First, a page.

Four Down, Ebbers to Go

Two more guilty pleas from the accounting department at WorldCom. Also: Sweetheart deal for a Tyco acquisition?; at many companies, option play turns into a keeper; and more.


Two more former WorldCom finance executives pleaded guilty for their role in the telecom giant’s $7 billion fraud, which resulted in the largest U.S. bankruptcy in history.

Betty Vinson and Troy Normand, both certified public accountants who worked in WorldCom’s general accounting department and assisted in the preparation of financial documents, pleaded guilty to one count of securities fraud and one count of conspiracy to commit securities fraud in Manhattan federal court. They also agreed to cooperate with prosecutors, according to reports.

Their pleas come just three days after former accounting director Buford Yates Jr. pleaded guilty to two felony charges, stating that he both conspired to commit and committed securities fraud.

Last month former WorldCom controller David Myers pleaded guilty to filing false documents with securities regulators, conspiracy to commit fraud, and securities fraud. He said he was directed by the company’s senior management to falsify the books, according to reports at the time.

The feeling is that the feds are slowly trying to build a case against former chairman Bernie Ebbers and former CFO Scott Sullivan. Last month Sullivan pleaded not guilty to charges that he participated in WorldCom’s fraud.

Vinson reported to Yates, who reported to Myers, who reported to Sullivan.

Vinson and Normand reportedly told U.S. Magistrate Judge Andrew Peck that their supervisors ordered them to falsify the financials with the goal of hiding expenses. “I came to believe these adjustments being made to WorldCom’s financial statements contravened Generally Accepted Accounting Principles” and were meant to mislead investors and financial analysts, said Vinson, according to Bloomberg.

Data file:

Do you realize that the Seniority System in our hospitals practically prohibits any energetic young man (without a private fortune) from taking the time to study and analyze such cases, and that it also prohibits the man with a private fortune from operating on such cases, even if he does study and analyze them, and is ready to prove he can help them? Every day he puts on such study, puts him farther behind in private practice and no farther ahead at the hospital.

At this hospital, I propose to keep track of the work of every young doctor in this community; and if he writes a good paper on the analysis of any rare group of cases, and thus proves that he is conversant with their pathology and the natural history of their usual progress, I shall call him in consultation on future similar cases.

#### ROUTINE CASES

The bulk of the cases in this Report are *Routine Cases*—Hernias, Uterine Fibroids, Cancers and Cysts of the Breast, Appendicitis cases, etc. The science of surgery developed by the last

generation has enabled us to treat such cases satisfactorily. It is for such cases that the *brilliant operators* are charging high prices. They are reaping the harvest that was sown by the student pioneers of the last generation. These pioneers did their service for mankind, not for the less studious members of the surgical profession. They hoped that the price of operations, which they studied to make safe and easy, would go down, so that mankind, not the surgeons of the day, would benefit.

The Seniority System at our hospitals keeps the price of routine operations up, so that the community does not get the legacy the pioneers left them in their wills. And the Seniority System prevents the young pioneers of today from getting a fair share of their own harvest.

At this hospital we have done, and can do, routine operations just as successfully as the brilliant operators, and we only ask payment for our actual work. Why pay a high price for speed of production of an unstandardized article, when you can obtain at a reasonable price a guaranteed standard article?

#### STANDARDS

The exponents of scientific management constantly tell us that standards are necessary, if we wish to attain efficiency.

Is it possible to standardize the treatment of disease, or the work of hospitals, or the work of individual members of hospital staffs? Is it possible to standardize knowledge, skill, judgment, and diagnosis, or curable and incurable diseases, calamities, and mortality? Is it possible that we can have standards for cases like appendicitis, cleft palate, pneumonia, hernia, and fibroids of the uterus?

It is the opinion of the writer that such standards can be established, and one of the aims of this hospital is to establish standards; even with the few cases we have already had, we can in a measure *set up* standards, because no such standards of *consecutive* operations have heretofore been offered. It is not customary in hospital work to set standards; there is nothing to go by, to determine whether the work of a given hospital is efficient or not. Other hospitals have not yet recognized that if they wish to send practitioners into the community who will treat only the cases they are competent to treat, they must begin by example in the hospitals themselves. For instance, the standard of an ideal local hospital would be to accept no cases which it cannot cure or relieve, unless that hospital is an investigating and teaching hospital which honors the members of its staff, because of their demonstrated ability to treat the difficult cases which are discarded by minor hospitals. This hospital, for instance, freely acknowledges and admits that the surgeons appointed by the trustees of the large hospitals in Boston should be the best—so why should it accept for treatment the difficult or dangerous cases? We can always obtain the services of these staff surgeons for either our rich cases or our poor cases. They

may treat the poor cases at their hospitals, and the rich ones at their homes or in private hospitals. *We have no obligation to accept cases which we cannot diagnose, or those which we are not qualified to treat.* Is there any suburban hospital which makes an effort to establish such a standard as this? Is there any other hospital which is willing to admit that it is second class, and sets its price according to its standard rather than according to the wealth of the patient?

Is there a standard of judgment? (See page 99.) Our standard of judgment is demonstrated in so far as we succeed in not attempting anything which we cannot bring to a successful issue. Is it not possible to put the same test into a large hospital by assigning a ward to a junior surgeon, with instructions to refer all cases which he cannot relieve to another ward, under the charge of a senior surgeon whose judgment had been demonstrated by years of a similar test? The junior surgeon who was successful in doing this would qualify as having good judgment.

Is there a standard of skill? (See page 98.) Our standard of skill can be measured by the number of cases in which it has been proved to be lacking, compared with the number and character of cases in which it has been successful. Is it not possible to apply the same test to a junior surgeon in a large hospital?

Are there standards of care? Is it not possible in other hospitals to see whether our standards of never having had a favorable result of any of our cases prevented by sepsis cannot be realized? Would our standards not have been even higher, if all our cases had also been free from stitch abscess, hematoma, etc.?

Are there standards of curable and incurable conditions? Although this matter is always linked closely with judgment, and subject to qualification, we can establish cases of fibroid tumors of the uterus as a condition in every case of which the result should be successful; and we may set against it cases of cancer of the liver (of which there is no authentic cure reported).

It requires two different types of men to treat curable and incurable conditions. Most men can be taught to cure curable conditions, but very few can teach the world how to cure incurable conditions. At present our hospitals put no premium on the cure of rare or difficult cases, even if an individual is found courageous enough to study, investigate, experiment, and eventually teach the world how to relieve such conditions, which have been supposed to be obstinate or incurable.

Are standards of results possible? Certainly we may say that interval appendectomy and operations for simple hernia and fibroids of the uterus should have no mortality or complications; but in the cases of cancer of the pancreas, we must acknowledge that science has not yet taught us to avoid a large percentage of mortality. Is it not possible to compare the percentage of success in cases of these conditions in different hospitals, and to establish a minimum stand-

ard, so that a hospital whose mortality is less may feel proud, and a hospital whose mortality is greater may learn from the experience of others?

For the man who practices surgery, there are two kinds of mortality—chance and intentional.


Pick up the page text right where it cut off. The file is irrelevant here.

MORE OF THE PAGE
Vinson and Normand face a possible maximum prison term of 15 years, but they are expected to receive shorter sentences since they are cooperating. Vinson is scheduled to be sentenced on January 13, and Normand on April 10.

Sweetheart Deal for a Tyco Acquisition?

Did former Tyco International CEO Dennis Kozlowski forge a secret deal with Leon Hirsch, former CEO of U.S. Surgical, when the two companies agreed to merge in 1998?

The office of Manhattan District Attorney Robert Morgenthau seems to think it’s possible. The prosecutor is investigating whether Kozlowski guaranteed a $14 million retention package to Hirsch in exchange for his agreement to the takeover, according to USA Today.

The inquiry is an outgrowth of the probe of Kozlowski and former Tyco CFO Mark Swartz, who were indicted last month for stealing millions of dollars from the conglomerate.

When Tyco bought U.S. Surgical in a $3.17 billion all-stock deal, Hirsch was named nonexecutive chairman of Tyco Healthcare Products Group, which absorbed his company.

Tyco paid Hirsch about $14 million through a $340,000-a-month retainer, according to the paper, citing a person close to the review. The paper also noted a Securities and Exchange Commission filing that shows Hirsch was scheduled to join Tyco’s board; he never did.